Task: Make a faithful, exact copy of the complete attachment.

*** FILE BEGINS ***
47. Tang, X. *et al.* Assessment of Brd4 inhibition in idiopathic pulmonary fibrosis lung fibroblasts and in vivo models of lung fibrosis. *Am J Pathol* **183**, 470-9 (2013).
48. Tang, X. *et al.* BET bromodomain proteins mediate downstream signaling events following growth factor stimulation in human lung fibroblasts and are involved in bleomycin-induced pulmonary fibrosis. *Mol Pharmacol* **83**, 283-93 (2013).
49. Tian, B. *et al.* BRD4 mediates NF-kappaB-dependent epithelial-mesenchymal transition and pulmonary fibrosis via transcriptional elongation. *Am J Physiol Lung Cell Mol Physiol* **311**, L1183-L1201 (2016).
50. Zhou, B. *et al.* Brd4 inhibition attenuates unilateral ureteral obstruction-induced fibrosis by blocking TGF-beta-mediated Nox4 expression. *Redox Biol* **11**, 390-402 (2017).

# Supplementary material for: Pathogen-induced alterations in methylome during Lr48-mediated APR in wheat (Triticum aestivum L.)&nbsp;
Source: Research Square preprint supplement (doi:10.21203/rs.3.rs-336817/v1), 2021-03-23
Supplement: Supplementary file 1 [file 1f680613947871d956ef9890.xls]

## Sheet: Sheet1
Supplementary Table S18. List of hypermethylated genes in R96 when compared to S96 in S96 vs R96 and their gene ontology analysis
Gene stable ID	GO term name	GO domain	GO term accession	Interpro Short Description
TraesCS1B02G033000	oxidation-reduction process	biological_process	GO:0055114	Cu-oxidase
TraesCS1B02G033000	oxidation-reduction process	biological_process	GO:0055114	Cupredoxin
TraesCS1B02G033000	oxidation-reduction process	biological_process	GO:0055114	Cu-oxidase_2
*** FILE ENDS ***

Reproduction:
47. Tang, X. *et al.* Assessment of Brd4 inhibition in idiopathic pulmonary fibrosis lung fibroblasts and in vivo models of lung fibrosis. *Am J Pathol* **183**, 470-9 (2013).
48. Tang, X. *et al.* BET bromodomain proteins mediate downstream signaling events following growth factor stimulation in human lung fibroblasts and are involved in bleomycin-induced pulmonary fibrosis. *Mol Pharmacol* **83**, 283-93 (2013).
49. Tian, B. *et al.* BRD4 mediates NF-kappaB-dependent epithelial-mesenchymal transition and pulmonary fibrosis via transcriptional elongation. *Am J Physiol Lung Cell Mol Physiol* **311**, L1183-L1201 (2016).
50. Zhou, B. *et al.* Brd4 inhibition attenuates unilateral ureteral obstruction-induced fibrosis by blocking TGF-beta-mediated Nox4 expression. *Redox Biol* **11**, 390-402 (2017).

# Supplementary material for: Pathogen-induced alterations in methylome during Lr48-mediated APR in wheat (Triticum aestivum L.)&nbsp;
Source: Research Square preprint supplement (doi:10.21203/rs.3.rs-336817/v1), 2021-03-23
Supplement: Supplementary file 1 [file 1f680613947871d956ef9890.xls]

## Sheet: Sheet1
Supplementary Table S18. List of hypermethylated genes in R96 when compared to S96 in S96 vs R96 and their gene ontology analysis
Gene stable ID	GO term name	GO domain	GO term accession	Interpro Short Description
TraesCS1B02G033000	oxidation-reduction process	biological_process	GO:0055114	Cu-oxidase
TraesCS1B02G033000	oxidation-reduction process	biological_process	GO:0055114	Cupredoxin
TraesCS1B02G033000	oxidation-reduction process	biological_process	GO:0055114	Cu-oxidase_2